The Baptism of the Lord
Reading 1 IS 42:1-4, 6-7
Responsorial Psalm PS 29:1-2, 3-4, 3, 9-10.
Reading 2 ACTS 10:34-38
Alleluia CF. MK 9:7
- Alleluia, alleluia.
Gospel LK 3:15-16, 21-22
Feast of the Baptism of the Lord—January 12 & 13, 2019
This feast of the Baptism of the Lord brings an end to the Christmas season.
On Monday we begin Ordinary Time with the color green for over seven weeks
until March 6, Ash Wednesday, and the color becomes violet for the season.
The Baptism of the Lord was once part of the celebration of Epiphany, since both
events are seen as manifestations of Christ to the world. The Feast of the
Baptism of the Lord proclaims a theophany, a revelation or manifestation of the
divine Sonship of Jesus by his anointing and appointment to his messianic office.
For most people Christmas is a children’s celebration and a time for adults
to return to the innocence and joy of their childhood. The emphasis in both
secular and religious imagery on the Christ-child in Bethlehem reinforces this idea.
However, the Christmas feast of the Baptism of the Lord counterbalances that
notion. It reminds us that the child in the manger becomes an adult on mission,
and that mission will eventually lead not only to a feast filled with rich food and
choice wine but also to suffering and death, death on a cross.
Pope Benedict XVI wrote “The Baptism of Jesus at the Jordan is the
anticipation of his baptism of blood on the cross, and it is the symbol of the entire
sacramental activity by which the Redeemer will bring about the salvation of
humanity. . .
There is a strict relationship between the Baptism of Christ and our
baptism. At the Jordan the heavens opened to indicate that the Savior has
opened the way of salvation and we can travel it thanks to our own new birth of
water and spirit accomplished in Baptism.
In it we are inserted into the Mystical Body of Christ, that is, the Church, we
die and rise with him, we are clothed with him, as the apostle Paul often
emphasized. The commitment that springs from baptism is therefore ‘to listen’ to
Jesus: to believe in him and gently follow him, doing his will.
In this way everyone can tend to holiness, a goal that, as the Second
Vatican Council recalled, constitutes the vocation of all the baptized.”
If John’s baptism symbolized repentance, what need could Jesus have had
for it? This question troubled many in the first centuries of Christianity. All the
synoptic writers use an account of this event to introduce the major themes of
their Gospels. The fourth Gospel, meanwhile, leaves it out entirely, recording the
encounter between Jesus and John the Baptist but omitting any mention of Jesus’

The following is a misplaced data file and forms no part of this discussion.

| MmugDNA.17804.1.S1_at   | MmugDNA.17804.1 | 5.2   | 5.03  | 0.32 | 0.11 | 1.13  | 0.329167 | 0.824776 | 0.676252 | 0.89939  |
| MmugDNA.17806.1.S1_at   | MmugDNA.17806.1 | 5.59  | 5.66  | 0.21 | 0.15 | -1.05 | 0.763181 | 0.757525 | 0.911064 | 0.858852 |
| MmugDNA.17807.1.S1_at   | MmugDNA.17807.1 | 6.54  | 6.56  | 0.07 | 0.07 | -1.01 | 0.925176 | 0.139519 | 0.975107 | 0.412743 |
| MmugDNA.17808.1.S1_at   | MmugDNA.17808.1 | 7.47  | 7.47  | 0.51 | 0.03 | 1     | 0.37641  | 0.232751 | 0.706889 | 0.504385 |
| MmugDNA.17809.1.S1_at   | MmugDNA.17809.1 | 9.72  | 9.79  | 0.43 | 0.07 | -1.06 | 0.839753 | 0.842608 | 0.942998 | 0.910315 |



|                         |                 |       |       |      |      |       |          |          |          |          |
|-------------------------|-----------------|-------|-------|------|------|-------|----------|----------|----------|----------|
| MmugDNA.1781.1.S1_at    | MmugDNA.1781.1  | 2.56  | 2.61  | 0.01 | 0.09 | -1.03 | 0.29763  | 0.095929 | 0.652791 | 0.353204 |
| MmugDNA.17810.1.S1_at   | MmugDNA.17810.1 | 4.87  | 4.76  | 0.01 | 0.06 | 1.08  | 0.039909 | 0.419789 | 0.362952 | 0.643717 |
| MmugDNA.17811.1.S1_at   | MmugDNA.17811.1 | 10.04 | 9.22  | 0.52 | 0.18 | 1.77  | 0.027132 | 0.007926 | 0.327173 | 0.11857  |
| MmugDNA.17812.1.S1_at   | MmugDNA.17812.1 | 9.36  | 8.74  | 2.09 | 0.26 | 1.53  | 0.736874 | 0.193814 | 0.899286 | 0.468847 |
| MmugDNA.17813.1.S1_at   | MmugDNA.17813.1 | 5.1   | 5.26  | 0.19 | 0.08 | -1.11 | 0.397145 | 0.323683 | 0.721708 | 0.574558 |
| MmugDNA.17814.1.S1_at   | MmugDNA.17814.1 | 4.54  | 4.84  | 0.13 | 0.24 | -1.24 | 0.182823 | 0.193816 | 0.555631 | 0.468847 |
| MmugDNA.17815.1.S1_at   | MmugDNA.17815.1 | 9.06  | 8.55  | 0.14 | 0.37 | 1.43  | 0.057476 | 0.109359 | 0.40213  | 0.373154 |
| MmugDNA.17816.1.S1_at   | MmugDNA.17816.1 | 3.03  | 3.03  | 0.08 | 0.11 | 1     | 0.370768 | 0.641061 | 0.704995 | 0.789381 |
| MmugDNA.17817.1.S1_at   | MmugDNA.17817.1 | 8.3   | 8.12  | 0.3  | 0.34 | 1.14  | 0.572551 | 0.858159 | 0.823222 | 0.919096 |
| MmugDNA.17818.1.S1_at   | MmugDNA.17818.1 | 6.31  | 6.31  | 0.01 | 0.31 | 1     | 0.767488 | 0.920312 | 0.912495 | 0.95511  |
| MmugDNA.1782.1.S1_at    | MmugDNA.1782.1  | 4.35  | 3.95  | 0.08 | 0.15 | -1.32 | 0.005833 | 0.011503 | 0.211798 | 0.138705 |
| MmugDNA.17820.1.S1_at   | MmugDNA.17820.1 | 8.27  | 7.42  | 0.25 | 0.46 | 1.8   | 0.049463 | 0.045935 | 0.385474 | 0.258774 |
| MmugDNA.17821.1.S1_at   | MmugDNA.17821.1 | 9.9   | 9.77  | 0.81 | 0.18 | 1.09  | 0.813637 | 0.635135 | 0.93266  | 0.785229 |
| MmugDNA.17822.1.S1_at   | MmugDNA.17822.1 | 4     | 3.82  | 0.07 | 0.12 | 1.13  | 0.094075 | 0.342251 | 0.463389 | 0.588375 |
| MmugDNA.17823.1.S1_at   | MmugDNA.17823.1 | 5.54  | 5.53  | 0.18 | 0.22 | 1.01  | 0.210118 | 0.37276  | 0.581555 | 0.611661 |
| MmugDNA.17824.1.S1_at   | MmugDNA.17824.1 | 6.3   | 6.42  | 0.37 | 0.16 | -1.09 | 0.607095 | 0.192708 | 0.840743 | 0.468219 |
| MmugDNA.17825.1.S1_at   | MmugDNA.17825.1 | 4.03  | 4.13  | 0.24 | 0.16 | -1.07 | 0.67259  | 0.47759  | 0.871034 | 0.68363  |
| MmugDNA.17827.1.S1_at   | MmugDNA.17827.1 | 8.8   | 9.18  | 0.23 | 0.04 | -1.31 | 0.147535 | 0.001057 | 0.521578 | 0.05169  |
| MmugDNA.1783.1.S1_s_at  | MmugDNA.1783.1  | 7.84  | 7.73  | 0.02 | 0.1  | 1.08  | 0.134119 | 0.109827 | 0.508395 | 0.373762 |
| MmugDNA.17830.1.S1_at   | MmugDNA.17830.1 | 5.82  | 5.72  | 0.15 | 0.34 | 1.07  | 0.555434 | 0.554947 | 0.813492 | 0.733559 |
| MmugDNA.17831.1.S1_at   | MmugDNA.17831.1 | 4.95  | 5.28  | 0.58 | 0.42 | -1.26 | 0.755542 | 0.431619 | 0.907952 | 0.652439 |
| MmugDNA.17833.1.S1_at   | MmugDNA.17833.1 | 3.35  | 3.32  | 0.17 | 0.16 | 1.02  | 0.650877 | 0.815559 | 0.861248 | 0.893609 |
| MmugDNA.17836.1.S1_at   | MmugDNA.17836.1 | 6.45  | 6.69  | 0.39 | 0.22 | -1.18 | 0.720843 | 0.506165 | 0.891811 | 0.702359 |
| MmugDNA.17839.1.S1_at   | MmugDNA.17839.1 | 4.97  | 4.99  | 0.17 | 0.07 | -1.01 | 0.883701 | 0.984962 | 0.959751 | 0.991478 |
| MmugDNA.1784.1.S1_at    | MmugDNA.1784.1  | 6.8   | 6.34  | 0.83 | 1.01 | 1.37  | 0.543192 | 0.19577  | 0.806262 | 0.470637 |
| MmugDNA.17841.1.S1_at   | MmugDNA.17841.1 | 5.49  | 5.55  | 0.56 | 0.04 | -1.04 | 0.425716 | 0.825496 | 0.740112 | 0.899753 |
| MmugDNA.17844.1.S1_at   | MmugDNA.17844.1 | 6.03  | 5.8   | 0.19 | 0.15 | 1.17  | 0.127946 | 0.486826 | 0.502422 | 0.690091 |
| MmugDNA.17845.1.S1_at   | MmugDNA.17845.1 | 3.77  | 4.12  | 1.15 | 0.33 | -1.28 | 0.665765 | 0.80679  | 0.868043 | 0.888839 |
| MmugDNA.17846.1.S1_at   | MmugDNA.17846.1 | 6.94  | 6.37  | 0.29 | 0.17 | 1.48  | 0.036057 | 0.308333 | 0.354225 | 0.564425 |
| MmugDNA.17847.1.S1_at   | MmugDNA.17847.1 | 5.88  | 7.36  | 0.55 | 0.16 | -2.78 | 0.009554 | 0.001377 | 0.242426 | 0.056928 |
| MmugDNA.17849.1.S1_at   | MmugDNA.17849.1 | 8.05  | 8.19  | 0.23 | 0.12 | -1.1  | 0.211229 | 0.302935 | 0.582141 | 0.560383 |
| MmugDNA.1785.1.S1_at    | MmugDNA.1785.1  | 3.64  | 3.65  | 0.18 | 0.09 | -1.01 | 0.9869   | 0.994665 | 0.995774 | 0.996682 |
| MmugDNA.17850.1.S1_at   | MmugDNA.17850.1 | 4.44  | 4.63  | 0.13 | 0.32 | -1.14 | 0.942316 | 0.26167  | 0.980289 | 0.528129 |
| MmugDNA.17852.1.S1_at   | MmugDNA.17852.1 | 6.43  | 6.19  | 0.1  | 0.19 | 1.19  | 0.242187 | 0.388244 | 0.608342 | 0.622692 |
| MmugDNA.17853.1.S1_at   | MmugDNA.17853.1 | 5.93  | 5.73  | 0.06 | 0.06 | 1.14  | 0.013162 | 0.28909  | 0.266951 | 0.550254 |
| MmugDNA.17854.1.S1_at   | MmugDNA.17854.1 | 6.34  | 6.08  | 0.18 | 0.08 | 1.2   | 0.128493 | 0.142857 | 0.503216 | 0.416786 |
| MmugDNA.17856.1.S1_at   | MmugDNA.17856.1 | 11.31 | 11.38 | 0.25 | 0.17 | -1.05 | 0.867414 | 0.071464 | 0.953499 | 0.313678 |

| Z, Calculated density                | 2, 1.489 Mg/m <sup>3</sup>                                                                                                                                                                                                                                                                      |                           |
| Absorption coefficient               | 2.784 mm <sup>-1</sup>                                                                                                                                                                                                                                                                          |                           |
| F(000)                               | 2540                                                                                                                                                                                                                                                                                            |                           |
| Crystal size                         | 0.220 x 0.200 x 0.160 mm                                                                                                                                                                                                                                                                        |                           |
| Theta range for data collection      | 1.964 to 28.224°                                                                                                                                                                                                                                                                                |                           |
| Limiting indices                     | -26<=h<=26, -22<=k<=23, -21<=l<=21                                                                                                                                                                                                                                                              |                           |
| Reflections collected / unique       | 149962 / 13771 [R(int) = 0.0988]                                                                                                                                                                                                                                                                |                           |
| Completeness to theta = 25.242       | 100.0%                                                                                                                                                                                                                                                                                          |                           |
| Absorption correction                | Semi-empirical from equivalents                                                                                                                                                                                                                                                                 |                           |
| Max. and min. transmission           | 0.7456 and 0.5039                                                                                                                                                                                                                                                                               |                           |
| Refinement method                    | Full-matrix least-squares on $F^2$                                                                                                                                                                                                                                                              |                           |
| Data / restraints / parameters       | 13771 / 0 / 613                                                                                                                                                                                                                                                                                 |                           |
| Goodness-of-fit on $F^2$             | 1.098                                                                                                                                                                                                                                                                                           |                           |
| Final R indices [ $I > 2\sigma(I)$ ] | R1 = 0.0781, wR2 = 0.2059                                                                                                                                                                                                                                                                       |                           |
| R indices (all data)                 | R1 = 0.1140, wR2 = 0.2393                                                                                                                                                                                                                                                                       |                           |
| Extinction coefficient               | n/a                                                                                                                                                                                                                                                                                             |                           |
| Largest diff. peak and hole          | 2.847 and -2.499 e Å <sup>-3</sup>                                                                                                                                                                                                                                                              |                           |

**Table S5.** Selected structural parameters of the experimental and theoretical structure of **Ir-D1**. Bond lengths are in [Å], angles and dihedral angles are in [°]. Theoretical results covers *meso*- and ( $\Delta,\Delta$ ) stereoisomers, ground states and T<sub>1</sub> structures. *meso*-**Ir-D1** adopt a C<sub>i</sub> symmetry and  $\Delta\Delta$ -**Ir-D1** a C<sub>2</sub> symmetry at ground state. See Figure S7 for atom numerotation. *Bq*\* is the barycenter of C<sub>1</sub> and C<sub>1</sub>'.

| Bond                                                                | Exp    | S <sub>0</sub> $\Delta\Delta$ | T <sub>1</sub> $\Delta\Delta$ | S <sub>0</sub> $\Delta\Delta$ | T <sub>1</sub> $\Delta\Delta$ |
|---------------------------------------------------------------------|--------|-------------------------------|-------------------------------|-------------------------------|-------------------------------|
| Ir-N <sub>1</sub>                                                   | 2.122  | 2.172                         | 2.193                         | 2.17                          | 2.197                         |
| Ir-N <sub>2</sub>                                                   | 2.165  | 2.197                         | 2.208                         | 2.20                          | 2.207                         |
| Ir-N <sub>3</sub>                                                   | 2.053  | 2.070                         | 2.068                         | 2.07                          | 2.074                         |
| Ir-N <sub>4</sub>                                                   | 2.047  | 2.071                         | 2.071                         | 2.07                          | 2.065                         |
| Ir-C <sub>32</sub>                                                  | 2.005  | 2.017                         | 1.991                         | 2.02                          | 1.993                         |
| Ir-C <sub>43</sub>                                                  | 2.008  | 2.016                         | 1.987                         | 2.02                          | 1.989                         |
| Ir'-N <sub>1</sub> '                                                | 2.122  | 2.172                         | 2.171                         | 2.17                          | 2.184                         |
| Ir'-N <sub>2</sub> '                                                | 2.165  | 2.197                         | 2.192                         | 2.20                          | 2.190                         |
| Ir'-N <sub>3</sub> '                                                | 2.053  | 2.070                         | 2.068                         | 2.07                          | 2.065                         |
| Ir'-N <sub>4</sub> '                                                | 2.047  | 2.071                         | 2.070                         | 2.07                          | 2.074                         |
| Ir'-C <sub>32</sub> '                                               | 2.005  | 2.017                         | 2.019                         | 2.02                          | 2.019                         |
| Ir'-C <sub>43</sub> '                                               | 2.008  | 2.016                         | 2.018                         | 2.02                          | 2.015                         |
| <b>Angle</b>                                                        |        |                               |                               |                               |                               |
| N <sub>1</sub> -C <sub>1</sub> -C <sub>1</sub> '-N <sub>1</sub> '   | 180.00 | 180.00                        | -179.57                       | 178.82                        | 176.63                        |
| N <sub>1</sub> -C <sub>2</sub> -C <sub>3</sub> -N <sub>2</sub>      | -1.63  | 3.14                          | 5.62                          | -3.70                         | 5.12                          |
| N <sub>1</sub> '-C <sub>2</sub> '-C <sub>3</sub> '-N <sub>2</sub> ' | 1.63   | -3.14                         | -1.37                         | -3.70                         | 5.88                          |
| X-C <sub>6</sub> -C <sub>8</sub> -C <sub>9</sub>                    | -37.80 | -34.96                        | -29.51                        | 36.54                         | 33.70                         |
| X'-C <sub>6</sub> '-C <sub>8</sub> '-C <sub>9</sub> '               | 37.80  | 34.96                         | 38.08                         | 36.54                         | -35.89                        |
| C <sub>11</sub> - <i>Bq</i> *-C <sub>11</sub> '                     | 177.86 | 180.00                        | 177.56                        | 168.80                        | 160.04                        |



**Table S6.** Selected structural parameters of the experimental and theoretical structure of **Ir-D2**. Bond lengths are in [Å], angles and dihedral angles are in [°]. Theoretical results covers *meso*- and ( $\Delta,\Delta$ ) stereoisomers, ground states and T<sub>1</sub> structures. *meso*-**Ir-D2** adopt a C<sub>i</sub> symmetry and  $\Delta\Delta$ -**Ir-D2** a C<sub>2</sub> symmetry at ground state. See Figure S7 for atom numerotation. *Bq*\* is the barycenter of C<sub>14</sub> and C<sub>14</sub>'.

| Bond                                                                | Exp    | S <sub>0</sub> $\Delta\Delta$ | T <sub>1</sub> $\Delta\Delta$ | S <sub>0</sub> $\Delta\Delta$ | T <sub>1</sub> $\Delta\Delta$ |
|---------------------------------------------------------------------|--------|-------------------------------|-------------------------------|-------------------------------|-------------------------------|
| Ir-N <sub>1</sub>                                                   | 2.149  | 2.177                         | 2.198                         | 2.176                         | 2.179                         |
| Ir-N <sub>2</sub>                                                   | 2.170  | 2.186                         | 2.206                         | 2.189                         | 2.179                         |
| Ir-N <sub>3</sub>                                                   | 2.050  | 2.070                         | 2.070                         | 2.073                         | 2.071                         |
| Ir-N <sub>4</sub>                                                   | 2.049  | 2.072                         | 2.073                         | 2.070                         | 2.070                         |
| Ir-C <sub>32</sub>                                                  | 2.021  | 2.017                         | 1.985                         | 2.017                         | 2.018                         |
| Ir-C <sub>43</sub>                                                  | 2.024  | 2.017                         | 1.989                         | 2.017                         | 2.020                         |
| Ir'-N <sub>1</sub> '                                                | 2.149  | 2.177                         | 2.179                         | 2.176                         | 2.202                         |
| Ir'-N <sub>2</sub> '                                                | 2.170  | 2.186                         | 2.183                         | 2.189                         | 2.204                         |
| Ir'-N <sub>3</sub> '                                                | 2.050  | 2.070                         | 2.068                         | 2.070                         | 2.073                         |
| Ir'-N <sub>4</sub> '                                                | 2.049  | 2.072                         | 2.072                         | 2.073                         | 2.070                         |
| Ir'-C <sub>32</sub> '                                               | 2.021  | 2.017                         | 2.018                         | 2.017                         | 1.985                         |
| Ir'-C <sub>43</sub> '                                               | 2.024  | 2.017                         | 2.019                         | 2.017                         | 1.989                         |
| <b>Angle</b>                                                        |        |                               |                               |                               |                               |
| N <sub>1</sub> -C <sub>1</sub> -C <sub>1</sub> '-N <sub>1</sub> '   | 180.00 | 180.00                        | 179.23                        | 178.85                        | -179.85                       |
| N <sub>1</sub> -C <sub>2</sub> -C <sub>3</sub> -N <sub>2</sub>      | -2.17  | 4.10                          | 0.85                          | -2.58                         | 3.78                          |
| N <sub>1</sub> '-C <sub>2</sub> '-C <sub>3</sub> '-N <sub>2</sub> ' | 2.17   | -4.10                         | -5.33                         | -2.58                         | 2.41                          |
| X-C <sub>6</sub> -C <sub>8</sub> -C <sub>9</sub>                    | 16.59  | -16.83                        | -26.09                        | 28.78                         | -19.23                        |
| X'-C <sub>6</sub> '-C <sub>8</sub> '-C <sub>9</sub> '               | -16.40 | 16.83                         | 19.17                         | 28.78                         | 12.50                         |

Luke understood the baptism that John offered to be about more than
repentance. It was about making a public declaration of citizenship in God’s
coming kingdom. A conversion of heart was simply the necessary first step. Life
under God’s reign required a new heart and a new spirit, and such a life required
a clean break with the past. In Jesus’ case, no conversion was necessary for this
public declaration. Baptism revealed instead his true nature as God’s beloved
Luke portrays Jesus’ baptism as one of the “advancements in wisdom” that
he experienced throughout his life. Luke links Jesus baptism closely to his
promise at Nazareth to bring glad tidings to the poor and proclaim a year
acceptable to God. At his baptism, Jesus experienced divine love with new
intensity; he responded to that gift with such fierce passion that his subsequent
life and death transformed the world.
This same love is available to transform us today. Any who, like Christ,
confess themselves publicly to be citizens of God’s kingdom will find in that
declaration a love no fear can extinguish. The divine love that renews an
individual believer has, within that believer’s response, the power to bring an
entire community to new life.
When I baptize I like to envision a dove coming down on the one to be
baptized and a voice coming from above saying you are my beloved son or
daughter, in you I am well pleased.
The artist Picasso created the emblem of a dove with an olive branch in its
beak for the first World Peace Congress held shortly after World War II. Speaking
before the Congress, he testified, “I stand for life against death; I stand for peace
against war. ”As baptized Christians, how do we stand for life and peace?
Doves are known for their self-sacrifice, especially in caring for their young.
A mother will cease foraging for her own food just before her babies are born to
ensure purer milk for her offspring. Her self-imposed starvation protects them
from contamination and gives them the greatest chance for survival. Too often
today, we measure the greatness of our country by what it produces, not by
whom it protects. We must protect the unborn, the weak, the sick, the young,
and the old.
The dove at Jesus’ baptism carried the energy of promise. It was the
promise that following Jesus would lead to true peace and empowering justice. It
is the promise that each of us is beloved by God and that we will experience God’s
presence in each other. Our baptismal call is to live as if we believe those